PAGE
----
Joel Salatin:  Well, absolutely.  You know, that’s so fascinating they way to hear you describe that which is really cool because I was just on a podcast not long ago in person and they tested every guest for coronavirus antibodies.

Dr. Justin Marchegiani:  Yup.

Joel Salatin:  And with a blood test and so you know, the doctor came and he pricked my finger and took my, you know, took my blood and it was like a 15-minute test and he said, “Well, you know, you haven’t had it.”  I said, “Well, have I been exposed to it?”  He said, “Well, the antibody test only tests your secondary immune system because if your first—like if your first, like if your skin, if your exterior immune system was good enough, it will never even get into your antibodies.”

Dr. Justin Marchegiani:  That’s the thing.

Joel Salatin:  So he said, “I can’t tell you if you’ve been exposed.  All I can tell you is did it get through your first immune system, not your second immune system.”  He said, “That’s all I can tell you.”  And I thought, my goodness, as much as we can’t even tell that, that’s incredible what we don’t know.

Dr. Justin Marchegiani:  100%!  We forget about that TH1 immune responses.  There have been studies with people that if they have gammaglobulinemia, meaning they don’t have the ability to make antibodies and if these people have gotten exposed to infections and have been able to fight it off because of the TH1 immune system, which we don’t really have a great way to measure because it’s not like you make a natural killer cell specific for the COVID-19 where you can go test it.  Where antibodies, they’re a specific locking key that you can test for herpes or for chlamydia or for COVID, right?  You can test it.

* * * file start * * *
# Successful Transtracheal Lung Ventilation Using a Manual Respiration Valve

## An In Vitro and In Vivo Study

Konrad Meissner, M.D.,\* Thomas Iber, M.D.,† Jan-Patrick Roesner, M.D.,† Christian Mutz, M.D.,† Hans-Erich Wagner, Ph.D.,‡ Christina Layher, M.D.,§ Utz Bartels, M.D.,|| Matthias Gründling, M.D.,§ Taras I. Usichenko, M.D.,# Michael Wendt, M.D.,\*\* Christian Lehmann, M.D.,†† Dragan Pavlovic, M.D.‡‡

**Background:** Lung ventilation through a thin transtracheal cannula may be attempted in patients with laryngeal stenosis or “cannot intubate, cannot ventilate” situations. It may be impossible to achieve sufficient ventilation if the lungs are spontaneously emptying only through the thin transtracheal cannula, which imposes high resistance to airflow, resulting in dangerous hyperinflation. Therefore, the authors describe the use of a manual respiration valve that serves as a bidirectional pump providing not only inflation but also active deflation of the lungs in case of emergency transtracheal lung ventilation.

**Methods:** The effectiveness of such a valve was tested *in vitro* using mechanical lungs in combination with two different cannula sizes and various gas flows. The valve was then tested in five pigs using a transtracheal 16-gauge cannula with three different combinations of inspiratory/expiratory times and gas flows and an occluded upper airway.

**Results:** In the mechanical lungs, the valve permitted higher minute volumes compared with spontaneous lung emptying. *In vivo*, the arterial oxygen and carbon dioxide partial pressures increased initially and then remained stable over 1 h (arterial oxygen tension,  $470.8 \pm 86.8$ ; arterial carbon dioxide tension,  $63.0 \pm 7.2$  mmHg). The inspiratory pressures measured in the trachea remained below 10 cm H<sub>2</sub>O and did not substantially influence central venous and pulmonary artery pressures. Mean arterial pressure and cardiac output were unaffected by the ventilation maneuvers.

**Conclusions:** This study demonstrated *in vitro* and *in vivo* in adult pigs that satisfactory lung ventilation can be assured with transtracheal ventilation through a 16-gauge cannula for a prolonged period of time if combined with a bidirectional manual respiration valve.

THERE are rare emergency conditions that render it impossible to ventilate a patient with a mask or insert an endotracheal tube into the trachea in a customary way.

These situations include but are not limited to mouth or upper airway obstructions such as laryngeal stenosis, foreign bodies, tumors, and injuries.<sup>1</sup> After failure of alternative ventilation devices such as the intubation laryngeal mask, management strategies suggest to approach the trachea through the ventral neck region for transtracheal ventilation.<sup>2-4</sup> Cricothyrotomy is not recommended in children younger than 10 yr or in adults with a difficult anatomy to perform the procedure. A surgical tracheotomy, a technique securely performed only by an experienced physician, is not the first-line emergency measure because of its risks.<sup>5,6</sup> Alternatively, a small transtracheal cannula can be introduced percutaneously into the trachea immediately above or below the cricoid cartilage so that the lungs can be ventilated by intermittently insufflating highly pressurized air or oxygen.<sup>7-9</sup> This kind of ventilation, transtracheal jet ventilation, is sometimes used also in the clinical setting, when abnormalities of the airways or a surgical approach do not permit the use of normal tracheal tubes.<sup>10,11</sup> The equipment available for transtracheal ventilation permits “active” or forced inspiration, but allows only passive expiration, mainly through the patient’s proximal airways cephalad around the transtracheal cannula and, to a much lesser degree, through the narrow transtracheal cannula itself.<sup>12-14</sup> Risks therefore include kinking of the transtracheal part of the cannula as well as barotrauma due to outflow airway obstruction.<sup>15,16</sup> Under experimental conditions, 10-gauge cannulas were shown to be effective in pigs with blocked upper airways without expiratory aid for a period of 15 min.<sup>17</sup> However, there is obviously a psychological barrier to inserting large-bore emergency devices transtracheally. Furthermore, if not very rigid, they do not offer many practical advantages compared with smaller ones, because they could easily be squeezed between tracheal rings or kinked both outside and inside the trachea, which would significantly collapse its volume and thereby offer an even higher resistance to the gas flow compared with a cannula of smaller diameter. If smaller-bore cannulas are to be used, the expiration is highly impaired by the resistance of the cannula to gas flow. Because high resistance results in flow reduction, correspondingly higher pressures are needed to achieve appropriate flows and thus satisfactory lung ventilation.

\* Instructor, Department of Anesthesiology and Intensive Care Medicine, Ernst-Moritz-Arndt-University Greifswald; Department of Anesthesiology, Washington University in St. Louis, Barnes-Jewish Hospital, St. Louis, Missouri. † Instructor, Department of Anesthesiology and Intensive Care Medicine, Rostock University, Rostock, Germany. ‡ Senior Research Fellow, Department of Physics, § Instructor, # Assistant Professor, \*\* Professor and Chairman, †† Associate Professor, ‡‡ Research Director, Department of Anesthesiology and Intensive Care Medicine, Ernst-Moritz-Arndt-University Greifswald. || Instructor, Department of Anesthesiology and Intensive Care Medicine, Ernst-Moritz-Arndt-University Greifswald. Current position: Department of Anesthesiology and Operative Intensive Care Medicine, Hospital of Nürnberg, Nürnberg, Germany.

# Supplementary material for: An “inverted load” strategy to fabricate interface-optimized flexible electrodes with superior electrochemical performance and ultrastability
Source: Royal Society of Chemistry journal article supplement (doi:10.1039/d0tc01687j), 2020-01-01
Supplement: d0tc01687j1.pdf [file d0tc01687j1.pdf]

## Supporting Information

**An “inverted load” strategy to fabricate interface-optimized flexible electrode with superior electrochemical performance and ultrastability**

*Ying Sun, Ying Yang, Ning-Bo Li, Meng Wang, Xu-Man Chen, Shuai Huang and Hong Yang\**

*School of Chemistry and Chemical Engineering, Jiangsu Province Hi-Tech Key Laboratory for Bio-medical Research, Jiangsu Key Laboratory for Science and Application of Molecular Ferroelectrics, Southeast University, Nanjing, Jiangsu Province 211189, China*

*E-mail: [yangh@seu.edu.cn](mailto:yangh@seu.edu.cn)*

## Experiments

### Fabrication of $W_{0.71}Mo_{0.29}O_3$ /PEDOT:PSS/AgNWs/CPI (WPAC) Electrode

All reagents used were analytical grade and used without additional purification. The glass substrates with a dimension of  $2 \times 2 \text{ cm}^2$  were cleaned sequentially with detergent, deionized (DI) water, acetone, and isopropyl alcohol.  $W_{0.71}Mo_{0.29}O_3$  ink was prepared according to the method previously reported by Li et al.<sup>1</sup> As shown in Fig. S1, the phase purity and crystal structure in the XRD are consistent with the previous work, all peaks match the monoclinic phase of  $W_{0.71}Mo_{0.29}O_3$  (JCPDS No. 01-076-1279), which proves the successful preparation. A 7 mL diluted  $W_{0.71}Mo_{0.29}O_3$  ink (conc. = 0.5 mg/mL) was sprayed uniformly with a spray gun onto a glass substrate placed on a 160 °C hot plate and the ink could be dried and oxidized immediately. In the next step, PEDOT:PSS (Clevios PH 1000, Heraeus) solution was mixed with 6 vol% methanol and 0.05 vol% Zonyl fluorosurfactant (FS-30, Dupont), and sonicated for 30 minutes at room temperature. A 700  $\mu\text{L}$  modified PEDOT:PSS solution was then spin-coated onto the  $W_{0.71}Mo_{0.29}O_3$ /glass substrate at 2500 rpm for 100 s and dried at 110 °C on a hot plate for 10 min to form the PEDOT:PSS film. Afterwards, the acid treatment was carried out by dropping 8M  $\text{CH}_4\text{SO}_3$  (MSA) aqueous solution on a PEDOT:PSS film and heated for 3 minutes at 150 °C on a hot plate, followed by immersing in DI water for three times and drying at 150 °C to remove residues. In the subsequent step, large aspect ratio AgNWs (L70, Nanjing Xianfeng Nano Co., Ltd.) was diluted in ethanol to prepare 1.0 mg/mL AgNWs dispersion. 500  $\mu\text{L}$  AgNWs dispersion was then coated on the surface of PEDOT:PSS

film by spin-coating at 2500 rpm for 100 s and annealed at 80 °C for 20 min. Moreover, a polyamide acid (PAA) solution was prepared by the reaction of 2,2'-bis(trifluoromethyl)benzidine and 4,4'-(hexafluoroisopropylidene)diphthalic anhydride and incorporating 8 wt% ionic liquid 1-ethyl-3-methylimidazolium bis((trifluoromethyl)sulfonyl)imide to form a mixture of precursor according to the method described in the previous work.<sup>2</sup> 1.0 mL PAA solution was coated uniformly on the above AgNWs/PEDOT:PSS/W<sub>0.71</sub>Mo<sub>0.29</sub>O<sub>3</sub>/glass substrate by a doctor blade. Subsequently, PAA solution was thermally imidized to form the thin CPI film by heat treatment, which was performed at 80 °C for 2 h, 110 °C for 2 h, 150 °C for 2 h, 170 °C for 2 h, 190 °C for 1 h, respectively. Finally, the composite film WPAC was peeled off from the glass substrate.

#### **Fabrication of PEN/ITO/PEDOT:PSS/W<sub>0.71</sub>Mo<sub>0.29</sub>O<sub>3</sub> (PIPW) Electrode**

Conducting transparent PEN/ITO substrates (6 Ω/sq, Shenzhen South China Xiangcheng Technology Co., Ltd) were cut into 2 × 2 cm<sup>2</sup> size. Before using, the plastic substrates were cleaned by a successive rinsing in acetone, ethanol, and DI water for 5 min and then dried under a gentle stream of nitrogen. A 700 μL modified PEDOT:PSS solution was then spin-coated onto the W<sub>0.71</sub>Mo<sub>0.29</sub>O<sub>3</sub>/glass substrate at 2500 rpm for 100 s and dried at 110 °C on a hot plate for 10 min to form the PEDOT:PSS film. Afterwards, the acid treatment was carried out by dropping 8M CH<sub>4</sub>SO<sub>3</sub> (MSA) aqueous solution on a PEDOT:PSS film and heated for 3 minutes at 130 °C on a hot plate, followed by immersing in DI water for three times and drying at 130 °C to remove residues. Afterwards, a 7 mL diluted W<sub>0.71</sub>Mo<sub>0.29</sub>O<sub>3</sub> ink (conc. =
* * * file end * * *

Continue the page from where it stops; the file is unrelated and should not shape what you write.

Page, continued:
Joel Salatin:  Right.

Dr. Justin Marchegiani:  Because there’s a specific shape of it.  You don’t quite have that same, you know, I’m not an immunologist but you don’t quite have that shape recognition on the TH1 immune system where you can go look for it specifically.  So it’s a little bit tough—

Joel Salatin:  Right.

Dr. Justin Marchegiani:  To measure.

Joel Salatin:  Right, yeah.  And you know, and that just shows how trying to reduce everything in life—to reduce everything in life to some sort of empirical hard, whatever, formula, ratio—

Dr. Justin Marchegiani:  Right.

Joel Salatin:  Material is just—

Dr. Justin Marchegiani:  Yup.

Joel Salatin:  I mean, this was the problem with the Human Genome Project.  You know, remember when the Human Genome Project launched?

Dr. Justin Marchegiani:  Uh-hmm.